You wouldn’t be at fault for climbing to the assumption that streetwear leaves a lot to be desired, New Zealand in particular. But, I’d like to let you know it’s most certainly not dead. In each city I met an incredible selection of people, simply based on a shared love for streetwear, sneakers and fashion as a whole. If it wasn’t for the ‘Cafe effect’ as a prominent feature, this stunted development could easily be bypassed. The way in which many stores sell identical stock yet present themselves differently layout-wise is just as common within the UK, a handful of your Highstreet sneaker stores per se contain the exact same products, though we’re manipulated into seeing differentiating stock due to store colour schemes. If it wasn’t for Facebook the scene as we know it would be entirely different. Groups fixating around “….Talk UK/EU” have revolutionised the way in which we sell, built and trade our collections; furthermore community orientated groups as this one push boundaries beyond the point of a simple marketplace. There is in fact a similar group steadily growing within Australia and New Zealand- admittedly may not be as powerful at the present time, though giving it two years with the equivalent Basement following can only lead to greater things.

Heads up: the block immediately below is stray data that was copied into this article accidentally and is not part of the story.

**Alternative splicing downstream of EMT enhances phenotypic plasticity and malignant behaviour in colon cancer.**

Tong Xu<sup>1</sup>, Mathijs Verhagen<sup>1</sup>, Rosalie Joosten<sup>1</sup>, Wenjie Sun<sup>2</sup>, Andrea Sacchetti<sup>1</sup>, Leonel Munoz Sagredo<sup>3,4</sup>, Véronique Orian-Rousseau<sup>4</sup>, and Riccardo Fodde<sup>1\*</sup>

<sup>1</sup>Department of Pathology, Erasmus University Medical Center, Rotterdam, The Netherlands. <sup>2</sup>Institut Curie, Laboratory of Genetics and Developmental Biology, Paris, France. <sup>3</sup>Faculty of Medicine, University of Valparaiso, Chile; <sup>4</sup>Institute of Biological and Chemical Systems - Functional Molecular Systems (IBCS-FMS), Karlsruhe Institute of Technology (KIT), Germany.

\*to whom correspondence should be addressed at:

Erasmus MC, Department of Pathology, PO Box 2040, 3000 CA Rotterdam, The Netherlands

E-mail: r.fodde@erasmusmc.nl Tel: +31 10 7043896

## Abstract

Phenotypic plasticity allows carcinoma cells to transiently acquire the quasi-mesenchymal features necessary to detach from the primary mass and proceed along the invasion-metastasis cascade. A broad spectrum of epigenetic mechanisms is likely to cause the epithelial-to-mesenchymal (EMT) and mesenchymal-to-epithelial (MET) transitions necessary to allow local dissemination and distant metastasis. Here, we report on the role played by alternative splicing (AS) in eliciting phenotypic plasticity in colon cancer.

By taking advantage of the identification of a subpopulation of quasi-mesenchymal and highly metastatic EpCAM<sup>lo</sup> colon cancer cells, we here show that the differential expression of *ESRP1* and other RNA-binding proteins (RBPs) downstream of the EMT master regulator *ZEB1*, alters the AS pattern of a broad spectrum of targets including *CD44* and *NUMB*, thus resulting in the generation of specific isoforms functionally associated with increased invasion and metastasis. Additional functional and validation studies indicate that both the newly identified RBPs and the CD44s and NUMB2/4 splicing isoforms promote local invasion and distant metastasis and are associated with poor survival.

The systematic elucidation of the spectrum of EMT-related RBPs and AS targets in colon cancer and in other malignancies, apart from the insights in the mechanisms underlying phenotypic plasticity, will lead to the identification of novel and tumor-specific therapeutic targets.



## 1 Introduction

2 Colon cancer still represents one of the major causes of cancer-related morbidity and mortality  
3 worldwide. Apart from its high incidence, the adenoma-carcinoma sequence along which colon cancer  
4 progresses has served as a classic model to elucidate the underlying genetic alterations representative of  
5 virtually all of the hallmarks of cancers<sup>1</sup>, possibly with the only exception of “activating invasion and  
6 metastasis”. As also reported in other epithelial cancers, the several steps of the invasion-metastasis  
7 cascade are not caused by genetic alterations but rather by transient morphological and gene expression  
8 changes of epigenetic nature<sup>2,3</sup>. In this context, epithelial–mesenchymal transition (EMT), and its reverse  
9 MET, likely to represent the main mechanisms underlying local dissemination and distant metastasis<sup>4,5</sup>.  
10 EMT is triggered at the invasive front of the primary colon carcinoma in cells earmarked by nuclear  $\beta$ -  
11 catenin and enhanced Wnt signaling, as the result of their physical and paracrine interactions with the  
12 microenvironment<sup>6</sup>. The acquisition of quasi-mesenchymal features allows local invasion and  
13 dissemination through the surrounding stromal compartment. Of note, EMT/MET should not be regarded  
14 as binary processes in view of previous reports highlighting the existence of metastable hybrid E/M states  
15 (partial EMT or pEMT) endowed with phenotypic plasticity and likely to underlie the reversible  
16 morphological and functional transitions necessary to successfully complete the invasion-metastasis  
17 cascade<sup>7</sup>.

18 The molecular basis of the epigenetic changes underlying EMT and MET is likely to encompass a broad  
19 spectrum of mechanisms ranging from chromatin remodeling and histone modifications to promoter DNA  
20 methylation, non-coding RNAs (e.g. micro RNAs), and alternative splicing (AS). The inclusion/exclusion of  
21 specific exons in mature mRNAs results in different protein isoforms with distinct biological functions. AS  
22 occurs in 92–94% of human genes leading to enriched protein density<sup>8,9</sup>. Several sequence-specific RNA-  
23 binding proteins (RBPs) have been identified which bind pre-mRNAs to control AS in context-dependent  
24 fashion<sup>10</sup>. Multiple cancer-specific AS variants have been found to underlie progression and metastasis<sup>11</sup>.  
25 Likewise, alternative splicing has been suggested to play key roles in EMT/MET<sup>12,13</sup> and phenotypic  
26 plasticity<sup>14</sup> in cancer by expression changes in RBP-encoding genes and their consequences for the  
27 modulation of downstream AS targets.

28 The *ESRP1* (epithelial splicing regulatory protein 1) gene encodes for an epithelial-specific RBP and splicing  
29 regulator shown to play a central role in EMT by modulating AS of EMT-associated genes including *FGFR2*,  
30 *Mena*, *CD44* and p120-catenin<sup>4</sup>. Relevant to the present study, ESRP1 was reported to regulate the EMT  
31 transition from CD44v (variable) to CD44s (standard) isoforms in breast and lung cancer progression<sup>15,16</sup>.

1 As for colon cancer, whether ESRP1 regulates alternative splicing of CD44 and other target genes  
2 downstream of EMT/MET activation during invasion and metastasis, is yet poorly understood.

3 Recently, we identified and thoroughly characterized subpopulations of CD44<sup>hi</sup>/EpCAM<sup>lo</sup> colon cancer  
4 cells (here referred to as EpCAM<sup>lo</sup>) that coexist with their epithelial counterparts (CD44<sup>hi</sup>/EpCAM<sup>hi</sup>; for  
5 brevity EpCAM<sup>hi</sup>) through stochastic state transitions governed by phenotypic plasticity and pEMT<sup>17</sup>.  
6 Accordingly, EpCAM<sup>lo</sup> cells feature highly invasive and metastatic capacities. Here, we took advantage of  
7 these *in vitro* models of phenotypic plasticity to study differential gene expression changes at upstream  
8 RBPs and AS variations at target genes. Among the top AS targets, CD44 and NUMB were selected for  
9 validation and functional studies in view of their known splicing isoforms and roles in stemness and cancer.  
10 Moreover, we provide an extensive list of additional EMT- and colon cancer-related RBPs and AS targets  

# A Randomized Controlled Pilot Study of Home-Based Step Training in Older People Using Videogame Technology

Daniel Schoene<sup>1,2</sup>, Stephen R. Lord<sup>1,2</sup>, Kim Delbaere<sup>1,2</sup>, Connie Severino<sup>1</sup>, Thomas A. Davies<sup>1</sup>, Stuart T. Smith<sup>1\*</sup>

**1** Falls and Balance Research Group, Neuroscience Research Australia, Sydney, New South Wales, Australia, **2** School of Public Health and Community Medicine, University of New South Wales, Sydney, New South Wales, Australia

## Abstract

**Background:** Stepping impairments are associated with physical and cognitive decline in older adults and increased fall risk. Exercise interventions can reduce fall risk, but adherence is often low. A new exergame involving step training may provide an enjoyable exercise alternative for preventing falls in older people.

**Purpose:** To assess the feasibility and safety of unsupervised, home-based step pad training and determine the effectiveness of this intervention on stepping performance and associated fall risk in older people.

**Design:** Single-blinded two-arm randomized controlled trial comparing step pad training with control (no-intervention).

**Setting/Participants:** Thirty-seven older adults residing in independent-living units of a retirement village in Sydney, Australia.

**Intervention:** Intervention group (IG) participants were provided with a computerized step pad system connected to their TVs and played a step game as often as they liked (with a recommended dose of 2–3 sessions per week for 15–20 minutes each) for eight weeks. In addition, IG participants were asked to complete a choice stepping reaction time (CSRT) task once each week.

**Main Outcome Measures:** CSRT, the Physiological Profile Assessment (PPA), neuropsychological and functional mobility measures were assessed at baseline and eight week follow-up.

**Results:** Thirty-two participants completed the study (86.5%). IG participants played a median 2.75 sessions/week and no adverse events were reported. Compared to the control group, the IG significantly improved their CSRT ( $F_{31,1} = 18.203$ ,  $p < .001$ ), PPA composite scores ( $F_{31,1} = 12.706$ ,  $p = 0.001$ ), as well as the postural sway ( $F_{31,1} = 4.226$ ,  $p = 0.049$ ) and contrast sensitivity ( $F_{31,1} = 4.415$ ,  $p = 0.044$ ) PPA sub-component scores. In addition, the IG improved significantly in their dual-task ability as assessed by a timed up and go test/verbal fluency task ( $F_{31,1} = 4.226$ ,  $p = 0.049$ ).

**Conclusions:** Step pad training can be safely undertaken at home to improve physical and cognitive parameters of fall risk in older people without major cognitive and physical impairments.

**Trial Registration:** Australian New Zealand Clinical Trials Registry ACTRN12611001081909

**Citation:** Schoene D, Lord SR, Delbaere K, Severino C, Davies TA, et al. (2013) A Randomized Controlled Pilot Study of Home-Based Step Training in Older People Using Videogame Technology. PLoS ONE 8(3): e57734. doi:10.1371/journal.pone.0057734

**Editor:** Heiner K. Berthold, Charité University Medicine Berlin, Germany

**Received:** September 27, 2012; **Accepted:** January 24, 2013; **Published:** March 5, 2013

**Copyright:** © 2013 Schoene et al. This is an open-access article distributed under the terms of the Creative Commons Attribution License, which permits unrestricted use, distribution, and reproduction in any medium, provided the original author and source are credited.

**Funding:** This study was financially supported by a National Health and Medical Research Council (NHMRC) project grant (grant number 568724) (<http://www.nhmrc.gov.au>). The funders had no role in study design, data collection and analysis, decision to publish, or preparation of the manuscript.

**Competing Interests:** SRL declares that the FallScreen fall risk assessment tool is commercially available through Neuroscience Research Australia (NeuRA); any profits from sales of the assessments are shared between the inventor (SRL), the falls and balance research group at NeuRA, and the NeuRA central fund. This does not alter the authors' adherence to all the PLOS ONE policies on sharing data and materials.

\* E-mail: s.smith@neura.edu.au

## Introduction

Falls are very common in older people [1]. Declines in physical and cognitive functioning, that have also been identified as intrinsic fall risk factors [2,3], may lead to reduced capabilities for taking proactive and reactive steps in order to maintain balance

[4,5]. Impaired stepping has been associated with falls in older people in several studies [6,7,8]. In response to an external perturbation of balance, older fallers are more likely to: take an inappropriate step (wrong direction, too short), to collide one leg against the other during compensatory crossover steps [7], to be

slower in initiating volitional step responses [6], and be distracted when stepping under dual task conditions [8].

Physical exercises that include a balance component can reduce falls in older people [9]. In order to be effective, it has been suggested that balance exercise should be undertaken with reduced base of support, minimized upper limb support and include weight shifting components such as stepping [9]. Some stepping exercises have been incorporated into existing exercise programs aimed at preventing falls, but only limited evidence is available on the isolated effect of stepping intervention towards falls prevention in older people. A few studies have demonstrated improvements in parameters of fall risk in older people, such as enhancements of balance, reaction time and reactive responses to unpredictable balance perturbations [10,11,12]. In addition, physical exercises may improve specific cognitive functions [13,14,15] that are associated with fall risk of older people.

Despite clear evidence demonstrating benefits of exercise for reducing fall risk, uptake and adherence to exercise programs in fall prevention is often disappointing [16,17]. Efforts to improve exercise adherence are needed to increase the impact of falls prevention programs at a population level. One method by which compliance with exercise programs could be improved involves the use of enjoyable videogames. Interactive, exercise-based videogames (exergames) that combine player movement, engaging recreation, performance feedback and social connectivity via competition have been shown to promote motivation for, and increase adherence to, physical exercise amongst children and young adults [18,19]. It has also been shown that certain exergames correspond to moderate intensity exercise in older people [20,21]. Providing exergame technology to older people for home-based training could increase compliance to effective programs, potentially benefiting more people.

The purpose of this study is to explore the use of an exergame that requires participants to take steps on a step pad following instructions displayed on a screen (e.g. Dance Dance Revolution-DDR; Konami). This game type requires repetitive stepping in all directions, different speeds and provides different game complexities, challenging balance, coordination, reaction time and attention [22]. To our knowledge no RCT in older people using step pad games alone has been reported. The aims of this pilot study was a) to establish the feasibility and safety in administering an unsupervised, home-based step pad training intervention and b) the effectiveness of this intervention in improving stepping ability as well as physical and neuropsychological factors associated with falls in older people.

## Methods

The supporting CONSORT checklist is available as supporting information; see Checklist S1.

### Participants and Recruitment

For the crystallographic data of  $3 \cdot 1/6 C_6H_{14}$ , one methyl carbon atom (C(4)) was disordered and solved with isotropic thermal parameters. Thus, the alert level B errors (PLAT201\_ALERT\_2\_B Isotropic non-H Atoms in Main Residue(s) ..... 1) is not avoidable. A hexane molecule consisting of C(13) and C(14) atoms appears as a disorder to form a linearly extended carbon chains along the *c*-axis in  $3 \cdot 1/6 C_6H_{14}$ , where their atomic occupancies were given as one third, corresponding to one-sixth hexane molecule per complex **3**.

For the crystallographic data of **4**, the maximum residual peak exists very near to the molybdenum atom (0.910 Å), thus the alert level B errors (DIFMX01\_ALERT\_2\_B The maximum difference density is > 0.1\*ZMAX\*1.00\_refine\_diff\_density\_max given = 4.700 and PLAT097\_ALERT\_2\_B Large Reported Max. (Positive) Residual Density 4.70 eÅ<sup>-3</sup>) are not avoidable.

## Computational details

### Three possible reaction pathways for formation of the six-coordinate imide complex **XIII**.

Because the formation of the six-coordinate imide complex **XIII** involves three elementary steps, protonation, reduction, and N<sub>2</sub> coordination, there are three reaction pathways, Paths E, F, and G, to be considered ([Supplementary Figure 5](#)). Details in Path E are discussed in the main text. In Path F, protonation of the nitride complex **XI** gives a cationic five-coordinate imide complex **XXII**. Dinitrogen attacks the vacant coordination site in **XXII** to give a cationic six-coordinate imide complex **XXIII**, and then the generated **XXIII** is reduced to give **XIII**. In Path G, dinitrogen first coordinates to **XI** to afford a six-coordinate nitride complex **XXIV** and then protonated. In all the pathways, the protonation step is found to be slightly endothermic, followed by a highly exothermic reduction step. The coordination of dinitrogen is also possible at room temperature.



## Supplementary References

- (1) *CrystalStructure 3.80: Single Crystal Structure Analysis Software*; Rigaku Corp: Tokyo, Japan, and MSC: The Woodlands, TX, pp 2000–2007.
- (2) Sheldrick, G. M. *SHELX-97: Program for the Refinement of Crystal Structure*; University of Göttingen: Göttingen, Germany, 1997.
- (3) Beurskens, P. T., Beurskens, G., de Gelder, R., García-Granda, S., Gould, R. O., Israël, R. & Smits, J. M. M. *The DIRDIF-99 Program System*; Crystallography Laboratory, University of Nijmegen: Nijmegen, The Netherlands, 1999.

I was shown a side to the culture out there that otherwise would not have been apparent, for that I’m incredibly appreciative. For the communities I found myself within streetwear is most definitely not dead; a collection of examples as shot by Cameron Oates.

Thank you to Rob, Cameron, Lachlan, Kermath and Patrick for making me feel not only welcome, but being incredibly helpful too. A sentiment to the power of social media.